Sunday, June 26, 2011

How parents balance work and family

My dear students, friends and colleagues,

FOR THE LAST two-three years, many of my female (and a few of my male) students, who have got married and have small children, are asking the question most parents face: How does a parent balance work and family?

As a parent, what do you think about balancing work and family?

I am asking some of my female (and male) friends, colleagues and students to share their experiences. This is an exploratory exercise, to test out the waters, hoping not to get my fingers bitten off.

If you are one of my friends or colleagues, what do you think of your solution to balancing work and family? How has it worked out for your children and for yourself? If you are one of my unmarried students, would you like to share how your parents balanced work and family?

To start the ball rolling, I asked one of my closest friends and colleagues, Gita Iyengar (nee Gopalakrishnan), to share her views and experiences.

Gita and I know each other from 1970, when we were National Science Talent scholars and we have been meeting each other, off and on, for the last 41 years. The principal of a school in Hyderabad, she has written 7 books, mostly for children. “Anyone Can Write” (Foundation Press, Hyderabad, 170 pages, Rs.195) written with Cheryl Rao and Meena Murdeshwar, guides children on how to write poems, features and stories.

I admire her simple and direct style, which has an elegant flow. Above all, I value her fiercely frank opinions.


By Gita Iyengar (nee Gopalakrishnan)

WHEN MY FIRST child came along, I was working, and got the usual three months of maternity leave. I decided to wait and watch for some time how things would work. When I went back to work, my mother-in-law came to look after the baby. But that was strictly during the time I was at work.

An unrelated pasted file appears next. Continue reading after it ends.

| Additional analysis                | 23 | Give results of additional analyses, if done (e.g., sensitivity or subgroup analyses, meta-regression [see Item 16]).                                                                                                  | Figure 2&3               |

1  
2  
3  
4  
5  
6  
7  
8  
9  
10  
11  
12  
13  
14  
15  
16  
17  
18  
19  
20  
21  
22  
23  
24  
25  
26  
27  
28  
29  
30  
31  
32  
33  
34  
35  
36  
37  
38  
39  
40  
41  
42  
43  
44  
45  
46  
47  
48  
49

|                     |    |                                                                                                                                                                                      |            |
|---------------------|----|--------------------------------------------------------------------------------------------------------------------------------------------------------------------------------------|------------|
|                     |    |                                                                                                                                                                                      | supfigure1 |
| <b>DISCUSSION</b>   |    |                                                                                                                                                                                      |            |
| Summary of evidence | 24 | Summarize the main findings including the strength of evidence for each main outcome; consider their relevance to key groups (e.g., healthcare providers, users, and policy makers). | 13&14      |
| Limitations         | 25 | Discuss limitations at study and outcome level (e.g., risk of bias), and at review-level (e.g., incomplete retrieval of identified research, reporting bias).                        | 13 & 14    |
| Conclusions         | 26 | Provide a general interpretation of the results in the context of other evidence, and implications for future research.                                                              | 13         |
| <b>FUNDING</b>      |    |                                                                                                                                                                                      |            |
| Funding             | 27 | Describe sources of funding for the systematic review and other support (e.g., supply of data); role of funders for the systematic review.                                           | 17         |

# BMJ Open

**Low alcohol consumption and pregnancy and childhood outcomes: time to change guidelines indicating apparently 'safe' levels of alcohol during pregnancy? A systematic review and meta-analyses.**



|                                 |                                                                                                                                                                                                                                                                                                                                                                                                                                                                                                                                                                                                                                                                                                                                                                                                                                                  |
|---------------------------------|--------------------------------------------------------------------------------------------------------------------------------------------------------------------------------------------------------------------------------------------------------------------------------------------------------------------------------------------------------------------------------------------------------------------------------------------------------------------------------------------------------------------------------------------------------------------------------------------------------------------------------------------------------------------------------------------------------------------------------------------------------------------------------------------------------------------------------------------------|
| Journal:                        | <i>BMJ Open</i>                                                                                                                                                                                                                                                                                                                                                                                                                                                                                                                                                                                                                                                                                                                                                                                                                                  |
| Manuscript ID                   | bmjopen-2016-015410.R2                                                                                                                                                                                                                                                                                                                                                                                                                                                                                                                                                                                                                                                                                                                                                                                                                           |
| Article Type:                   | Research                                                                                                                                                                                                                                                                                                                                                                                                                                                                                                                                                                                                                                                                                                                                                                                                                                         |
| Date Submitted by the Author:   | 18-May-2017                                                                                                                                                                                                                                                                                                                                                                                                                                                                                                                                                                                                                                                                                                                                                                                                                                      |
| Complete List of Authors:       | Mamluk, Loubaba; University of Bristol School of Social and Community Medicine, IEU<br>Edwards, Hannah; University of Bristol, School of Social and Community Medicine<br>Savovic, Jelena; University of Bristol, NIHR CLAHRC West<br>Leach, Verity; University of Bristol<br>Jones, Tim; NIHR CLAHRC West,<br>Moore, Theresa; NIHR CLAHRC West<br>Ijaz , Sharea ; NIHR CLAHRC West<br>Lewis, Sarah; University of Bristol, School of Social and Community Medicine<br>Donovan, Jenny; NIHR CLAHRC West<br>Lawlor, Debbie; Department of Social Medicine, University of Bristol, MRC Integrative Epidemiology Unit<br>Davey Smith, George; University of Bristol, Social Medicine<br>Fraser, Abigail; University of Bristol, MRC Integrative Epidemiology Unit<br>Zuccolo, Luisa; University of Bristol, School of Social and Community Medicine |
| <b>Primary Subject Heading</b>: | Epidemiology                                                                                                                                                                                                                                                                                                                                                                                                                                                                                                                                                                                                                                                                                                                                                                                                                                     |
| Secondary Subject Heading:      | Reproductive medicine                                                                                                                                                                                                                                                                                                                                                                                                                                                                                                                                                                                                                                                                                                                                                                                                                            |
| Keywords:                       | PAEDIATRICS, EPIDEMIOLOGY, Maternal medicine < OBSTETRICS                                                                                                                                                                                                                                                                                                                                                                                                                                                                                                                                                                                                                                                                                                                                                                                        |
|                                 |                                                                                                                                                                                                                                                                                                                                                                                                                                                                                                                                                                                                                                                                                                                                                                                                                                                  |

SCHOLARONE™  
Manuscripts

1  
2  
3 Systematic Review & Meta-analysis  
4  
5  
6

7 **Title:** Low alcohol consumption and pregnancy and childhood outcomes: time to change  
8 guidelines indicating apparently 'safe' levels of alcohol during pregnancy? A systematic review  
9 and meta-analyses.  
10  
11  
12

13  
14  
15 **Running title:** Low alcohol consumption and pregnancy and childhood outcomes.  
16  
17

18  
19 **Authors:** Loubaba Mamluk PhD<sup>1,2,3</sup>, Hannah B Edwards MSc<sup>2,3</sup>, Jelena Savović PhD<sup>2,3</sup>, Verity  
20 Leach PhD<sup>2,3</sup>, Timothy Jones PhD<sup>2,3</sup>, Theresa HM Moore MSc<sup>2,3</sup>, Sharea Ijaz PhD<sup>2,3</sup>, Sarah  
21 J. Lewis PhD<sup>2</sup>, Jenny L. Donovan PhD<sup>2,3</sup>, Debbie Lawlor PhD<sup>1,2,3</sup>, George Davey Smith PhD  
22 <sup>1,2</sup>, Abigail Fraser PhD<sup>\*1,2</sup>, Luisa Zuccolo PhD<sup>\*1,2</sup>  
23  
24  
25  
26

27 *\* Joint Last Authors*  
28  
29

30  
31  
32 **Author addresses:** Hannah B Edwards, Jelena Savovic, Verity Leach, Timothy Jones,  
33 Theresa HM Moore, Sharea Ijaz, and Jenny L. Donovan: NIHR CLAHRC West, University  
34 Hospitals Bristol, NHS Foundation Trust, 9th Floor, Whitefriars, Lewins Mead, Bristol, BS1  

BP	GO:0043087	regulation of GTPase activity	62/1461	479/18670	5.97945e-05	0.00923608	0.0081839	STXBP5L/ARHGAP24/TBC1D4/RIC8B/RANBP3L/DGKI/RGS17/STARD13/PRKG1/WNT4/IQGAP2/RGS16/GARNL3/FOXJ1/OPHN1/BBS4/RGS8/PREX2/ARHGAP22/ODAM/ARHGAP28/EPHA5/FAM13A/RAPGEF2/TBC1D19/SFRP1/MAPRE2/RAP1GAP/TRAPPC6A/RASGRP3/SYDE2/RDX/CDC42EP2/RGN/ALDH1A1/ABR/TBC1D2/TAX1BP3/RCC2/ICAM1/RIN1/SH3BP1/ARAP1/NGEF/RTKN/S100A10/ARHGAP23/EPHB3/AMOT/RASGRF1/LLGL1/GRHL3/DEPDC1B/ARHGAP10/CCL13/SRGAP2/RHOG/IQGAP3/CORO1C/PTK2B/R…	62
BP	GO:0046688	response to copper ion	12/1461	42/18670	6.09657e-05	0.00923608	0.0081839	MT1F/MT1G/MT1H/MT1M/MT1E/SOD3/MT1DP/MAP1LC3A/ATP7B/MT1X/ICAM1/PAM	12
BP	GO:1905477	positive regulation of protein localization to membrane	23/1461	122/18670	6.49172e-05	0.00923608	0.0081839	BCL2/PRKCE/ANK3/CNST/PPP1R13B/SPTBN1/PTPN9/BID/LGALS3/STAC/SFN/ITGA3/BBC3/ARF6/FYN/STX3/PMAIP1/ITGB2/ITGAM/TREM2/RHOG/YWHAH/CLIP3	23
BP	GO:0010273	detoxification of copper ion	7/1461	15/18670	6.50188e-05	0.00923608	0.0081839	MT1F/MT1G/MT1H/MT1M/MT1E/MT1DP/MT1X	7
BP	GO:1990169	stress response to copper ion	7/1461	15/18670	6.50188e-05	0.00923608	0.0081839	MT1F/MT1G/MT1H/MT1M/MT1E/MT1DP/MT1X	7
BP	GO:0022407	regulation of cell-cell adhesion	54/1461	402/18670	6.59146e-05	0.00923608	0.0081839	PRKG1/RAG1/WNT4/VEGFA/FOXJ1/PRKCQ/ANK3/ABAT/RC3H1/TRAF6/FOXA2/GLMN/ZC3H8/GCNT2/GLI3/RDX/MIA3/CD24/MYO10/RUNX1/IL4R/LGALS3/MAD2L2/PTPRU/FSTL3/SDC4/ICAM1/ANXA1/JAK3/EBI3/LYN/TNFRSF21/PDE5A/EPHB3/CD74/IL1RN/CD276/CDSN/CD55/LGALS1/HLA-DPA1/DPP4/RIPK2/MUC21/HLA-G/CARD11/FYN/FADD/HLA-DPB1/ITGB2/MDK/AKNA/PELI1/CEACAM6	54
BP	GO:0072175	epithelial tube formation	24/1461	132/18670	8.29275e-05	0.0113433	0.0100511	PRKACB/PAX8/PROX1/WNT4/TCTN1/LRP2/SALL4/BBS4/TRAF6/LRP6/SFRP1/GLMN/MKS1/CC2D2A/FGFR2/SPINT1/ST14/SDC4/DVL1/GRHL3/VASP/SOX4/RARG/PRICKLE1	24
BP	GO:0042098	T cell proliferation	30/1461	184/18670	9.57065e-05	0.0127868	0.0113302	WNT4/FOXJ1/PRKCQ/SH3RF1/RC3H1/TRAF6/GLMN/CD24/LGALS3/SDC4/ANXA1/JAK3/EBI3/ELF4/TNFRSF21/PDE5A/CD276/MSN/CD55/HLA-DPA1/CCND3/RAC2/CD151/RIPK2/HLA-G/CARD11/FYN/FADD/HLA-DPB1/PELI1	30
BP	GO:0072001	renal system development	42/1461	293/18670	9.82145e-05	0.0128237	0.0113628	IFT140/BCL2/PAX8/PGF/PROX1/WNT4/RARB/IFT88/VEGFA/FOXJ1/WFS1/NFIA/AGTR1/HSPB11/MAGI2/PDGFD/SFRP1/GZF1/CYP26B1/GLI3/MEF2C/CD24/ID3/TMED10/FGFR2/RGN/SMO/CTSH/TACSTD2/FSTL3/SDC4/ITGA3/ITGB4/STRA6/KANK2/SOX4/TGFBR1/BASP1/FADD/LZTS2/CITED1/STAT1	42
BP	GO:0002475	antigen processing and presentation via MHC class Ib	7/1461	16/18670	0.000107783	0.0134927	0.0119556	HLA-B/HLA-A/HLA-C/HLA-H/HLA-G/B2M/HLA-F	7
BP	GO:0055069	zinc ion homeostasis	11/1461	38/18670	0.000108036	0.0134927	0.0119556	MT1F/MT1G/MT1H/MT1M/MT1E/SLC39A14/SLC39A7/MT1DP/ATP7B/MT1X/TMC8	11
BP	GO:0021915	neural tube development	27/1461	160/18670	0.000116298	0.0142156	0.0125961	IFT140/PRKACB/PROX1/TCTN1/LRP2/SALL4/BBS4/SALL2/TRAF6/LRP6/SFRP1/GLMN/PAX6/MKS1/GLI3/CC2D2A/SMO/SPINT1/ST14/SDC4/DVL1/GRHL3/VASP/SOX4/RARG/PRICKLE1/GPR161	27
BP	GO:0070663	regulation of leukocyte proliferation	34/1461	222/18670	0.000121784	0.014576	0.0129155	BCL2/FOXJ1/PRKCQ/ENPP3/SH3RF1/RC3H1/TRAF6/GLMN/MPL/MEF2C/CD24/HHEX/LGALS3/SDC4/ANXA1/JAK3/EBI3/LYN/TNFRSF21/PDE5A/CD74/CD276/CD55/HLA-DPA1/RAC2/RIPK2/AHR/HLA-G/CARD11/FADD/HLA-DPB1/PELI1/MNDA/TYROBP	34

I remember getting the cooking for the day done, getting my son bathed and fed before rushing off to work. The moment I entered the house again, I was back looking after the baby and the house again. So the first few months showed me how over-extended I was going to be.

My son also had an umbilical hernia, which needed surgery when he was 10 months old. So at that time, I tendered my resignation. But the management of the organisation took the trouble to talk to me and suggested that I just go on leave and think about it for some time. Six months later, I went back and confirmed that I wanted to let go my job.


AT THE TIME, we were able to manage our expenses without too much of a hassle, as ours was a simple life style. I had plenty to do, so I didn't miss my job on that count either. The occasional question about what I was “doing”' didn't trouble me much. Besides, fewer women were working then, so most people around me accepted my choice. My husband hadn't particularly wanted me to stop working, but he did not at that time make an issue of it.

For myself, I enjoyed being with my first-born, and then with the second one, who came along a couple of years later. I think I was able to be relaxed and look after them, read to them, play with them, take them out to the park, and teach them many things along the way in the first few years. They were active children, and my elder son especially had to be kept out of mischief. I think being around them made it less stressful.

They were both sent to play school when they were about 18 months old. For the elder one, it was in anticipation of the arrival of the second child. Since it worked well in making him happily engaged and less dependent, I did that with the second one as well.